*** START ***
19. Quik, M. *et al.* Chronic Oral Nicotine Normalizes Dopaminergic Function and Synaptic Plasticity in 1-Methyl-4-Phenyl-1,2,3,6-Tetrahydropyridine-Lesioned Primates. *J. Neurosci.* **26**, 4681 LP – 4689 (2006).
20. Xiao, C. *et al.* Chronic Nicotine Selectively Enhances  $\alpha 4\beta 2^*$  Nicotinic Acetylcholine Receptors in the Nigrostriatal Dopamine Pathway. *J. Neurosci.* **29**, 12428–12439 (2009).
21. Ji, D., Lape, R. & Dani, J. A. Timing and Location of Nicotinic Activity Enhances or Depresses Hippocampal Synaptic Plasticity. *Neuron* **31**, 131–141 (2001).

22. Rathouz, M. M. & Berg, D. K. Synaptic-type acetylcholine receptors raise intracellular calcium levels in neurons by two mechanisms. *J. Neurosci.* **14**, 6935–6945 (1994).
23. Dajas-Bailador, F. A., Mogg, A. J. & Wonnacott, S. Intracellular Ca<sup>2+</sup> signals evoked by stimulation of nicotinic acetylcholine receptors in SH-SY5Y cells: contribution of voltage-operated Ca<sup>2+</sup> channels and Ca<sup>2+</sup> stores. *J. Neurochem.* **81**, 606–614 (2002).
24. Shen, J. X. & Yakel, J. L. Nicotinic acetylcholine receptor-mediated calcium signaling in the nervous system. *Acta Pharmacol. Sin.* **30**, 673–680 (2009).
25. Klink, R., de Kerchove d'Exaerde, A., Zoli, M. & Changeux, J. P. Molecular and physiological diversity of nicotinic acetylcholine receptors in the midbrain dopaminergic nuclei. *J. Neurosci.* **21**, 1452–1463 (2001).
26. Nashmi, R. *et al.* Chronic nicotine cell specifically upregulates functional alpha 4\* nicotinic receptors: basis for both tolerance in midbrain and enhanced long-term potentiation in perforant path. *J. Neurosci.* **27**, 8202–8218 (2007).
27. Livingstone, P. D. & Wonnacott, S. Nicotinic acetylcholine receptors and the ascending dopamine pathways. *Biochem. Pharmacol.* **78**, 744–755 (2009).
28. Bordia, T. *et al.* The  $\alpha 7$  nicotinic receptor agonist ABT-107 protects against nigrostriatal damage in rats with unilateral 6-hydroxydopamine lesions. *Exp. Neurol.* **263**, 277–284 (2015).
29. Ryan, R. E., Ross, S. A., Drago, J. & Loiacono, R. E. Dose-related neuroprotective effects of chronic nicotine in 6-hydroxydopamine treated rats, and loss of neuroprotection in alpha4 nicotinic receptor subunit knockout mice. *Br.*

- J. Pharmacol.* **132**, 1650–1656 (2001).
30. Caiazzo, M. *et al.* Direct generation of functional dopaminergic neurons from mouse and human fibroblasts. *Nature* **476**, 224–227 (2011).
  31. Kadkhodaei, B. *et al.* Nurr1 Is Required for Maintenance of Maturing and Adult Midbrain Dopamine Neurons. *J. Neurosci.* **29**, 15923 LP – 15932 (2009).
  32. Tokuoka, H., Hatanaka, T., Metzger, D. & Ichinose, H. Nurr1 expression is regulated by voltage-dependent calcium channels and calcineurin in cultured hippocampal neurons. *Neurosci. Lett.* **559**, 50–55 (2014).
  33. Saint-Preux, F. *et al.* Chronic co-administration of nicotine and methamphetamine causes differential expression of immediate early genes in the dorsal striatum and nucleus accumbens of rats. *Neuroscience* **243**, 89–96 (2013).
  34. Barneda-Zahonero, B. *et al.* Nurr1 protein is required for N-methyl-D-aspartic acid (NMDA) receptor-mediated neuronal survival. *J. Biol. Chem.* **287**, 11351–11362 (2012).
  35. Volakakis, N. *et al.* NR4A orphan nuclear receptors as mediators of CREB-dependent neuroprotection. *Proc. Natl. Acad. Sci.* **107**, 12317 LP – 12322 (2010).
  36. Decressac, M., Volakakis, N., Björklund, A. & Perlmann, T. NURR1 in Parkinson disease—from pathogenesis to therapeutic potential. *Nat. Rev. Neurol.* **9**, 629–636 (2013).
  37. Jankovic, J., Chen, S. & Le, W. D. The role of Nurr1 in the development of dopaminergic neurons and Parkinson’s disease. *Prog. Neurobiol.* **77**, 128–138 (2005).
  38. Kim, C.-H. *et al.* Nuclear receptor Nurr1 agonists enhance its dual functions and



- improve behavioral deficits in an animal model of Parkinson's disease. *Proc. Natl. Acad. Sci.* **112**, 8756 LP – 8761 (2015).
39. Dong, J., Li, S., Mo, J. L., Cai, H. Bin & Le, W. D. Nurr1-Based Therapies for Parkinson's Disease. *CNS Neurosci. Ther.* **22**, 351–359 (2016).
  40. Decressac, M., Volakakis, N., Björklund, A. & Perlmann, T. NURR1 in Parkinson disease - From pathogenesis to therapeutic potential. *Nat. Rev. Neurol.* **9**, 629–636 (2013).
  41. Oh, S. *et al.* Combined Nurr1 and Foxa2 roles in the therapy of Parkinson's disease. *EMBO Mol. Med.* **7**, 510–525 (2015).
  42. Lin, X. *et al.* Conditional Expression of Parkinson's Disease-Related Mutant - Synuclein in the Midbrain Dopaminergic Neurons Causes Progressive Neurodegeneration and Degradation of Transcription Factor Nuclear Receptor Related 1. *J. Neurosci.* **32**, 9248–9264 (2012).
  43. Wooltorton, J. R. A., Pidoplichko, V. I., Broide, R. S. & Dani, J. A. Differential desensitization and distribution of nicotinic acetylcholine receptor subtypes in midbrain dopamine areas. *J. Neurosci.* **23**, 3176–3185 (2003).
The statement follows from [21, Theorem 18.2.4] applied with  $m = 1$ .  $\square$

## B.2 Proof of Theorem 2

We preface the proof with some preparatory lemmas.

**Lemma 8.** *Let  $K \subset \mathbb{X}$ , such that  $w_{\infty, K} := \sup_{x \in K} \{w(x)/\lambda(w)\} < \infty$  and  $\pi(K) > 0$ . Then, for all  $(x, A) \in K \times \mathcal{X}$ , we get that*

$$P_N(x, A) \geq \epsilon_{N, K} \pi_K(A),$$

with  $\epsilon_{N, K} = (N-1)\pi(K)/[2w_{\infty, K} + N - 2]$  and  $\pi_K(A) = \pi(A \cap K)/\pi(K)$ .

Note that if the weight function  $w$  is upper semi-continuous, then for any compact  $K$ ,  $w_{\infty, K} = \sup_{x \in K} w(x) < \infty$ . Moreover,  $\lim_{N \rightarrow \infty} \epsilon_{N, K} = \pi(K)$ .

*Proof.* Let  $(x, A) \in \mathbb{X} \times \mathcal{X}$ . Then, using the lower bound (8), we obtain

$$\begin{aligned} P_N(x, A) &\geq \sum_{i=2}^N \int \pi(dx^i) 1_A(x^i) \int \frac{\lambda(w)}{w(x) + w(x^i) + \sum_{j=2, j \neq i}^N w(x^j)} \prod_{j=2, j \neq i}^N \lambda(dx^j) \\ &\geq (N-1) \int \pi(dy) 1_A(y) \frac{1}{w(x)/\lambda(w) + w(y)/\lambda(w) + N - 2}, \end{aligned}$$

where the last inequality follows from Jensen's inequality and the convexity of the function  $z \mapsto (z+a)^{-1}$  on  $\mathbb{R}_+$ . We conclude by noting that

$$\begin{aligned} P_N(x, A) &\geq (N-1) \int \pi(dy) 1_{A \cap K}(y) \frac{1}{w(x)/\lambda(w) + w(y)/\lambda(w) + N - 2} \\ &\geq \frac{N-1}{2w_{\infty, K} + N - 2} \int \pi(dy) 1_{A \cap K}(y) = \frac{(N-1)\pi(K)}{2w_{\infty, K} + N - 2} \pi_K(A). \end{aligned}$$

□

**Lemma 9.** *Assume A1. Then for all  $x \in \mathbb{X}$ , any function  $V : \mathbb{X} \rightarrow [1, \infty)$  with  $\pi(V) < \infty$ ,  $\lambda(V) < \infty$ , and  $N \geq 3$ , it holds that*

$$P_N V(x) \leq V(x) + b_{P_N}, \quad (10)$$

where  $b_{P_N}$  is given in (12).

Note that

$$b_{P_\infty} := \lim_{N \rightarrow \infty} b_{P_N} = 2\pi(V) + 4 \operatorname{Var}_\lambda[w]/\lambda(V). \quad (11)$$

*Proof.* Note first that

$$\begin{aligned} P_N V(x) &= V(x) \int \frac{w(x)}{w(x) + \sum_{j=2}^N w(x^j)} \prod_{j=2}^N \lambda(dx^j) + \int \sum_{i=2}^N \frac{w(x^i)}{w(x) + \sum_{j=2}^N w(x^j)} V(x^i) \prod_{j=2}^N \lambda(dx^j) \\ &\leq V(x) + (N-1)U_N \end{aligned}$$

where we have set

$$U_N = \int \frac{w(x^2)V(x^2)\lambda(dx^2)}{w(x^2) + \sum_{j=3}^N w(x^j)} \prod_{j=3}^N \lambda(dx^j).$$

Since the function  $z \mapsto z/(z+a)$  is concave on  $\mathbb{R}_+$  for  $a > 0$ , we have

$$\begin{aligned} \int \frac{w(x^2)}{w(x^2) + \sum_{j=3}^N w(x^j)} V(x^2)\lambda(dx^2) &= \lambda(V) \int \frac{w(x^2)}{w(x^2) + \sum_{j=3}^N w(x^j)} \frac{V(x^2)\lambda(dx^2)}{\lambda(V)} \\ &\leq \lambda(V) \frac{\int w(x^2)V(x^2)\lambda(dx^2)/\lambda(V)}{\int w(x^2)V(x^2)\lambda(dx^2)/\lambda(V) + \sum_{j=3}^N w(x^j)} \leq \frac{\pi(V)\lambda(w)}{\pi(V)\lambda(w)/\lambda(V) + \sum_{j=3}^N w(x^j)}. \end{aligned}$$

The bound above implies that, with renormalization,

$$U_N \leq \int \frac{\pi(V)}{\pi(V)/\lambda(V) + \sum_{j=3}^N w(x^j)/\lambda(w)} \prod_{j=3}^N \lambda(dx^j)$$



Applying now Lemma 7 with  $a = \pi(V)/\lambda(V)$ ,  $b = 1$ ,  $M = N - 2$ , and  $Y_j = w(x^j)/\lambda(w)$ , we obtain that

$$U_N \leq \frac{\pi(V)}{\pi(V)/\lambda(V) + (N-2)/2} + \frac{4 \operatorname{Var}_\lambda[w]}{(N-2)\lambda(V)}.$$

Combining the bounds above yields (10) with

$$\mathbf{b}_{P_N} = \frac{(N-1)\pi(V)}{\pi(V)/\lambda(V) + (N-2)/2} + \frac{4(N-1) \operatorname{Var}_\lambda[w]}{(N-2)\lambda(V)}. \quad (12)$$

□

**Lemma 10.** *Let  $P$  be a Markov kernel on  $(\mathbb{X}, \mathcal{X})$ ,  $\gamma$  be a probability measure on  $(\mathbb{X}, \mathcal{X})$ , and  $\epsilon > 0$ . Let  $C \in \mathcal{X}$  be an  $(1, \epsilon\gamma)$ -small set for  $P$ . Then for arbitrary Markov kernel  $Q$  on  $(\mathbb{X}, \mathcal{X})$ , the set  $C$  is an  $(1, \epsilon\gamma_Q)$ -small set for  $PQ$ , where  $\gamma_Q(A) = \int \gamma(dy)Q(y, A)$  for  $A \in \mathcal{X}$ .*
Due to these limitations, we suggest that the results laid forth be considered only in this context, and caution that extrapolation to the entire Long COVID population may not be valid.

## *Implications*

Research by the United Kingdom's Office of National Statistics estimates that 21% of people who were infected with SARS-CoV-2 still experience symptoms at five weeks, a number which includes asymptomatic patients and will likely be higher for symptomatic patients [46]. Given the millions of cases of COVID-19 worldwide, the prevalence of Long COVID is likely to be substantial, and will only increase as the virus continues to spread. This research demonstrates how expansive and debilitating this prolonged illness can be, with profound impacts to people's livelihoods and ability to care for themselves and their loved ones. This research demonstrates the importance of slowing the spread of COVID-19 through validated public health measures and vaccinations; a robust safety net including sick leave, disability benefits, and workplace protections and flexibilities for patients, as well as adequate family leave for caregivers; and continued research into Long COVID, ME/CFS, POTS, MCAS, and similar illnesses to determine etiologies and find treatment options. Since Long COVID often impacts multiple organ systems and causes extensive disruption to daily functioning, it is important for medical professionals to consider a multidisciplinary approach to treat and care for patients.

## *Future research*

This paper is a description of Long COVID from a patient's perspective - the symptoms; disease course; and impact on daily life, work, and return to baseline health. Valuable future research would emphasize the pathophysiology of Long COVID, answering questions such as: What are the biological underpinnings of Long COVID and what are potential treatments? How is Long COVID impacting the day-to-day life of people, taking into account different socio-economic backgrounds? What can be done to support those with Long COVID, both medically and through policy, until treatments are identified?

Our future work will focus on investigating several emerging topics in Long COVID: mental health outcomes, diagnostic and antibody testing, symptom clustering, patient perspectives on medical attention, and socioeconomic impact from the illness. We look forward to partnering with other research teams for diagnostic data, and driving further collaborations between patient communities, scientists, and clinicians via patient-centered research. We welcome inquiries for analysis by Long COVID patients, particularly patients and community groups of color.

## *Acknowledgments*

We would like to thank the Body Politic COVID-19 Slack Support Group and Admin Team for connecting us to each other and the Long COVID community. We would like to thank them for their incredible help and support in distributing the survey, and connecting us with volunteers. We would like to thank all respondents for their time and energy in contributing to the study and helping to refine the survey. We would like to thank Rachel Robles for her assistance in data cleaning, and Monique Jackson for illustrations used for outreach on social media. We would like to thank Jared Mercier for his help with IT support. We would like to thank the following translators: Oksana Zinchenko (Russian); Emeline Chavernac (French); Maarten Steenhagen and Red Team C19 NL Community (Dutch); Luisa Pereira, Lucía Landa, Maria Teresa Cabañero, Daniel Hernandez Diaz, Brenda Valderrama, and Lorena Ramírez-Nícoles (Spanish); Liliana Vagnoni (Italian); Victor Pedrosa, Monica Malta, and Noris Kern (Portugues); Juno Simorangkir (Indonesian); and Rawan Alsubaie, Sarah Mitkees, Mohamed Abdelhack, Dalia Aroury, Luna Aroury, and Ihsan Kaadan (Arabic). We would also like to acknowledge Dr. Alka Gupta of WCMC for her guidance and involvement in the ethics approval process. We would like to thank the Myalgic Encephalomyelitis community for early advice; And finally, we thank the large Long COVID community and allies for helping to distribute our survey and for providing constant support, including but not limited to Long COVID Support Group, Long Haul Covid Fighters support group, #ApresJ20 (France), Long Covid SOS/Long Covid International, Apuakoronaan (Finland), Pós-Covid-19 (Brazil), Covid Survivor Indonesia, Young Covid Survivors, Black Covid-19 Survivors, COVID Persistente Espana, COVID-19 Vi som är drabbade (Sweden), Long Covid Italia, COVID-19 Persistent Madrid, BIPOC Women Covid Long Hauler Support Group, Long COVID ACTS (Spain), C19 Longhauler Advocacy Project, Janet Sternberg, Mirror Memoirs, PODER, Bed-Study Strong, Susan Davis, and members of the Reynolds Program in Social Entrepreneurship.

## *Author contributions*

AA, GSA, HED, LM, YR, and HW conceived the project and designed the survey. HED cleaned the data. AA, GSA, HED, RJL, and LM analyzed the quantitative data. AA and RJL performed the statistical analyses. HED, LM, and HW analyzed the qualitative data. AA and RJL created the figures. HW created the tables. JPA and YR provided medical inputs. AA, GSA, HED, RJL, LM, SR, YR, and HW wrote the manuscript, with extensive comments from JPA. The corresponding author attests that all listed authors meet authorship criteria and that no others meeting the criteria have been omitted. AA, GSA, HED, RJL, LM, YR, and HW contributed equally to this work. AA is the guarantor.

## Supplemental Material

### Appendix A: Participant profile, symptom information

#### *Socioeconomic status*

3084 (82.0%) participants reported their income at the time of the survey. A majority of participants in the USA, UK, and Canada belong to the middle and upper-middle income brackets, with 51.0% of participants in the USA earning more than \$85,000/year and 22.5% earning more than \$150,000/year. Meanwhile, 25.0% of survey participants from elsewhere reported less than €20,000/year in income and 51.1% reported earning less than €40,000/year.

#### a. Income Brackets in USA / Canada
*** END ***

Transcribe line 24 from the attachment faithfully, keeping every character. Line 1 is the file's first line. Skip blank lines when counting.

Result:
  40. Decressac, M., Volakakis, N., Björklund, A. & Perlmann, T. NURR1 in Parkinson disease - From pathogenesis to therapeutic potential. *Nat. Rev. Neurol.* **9**, 629–636 (2013).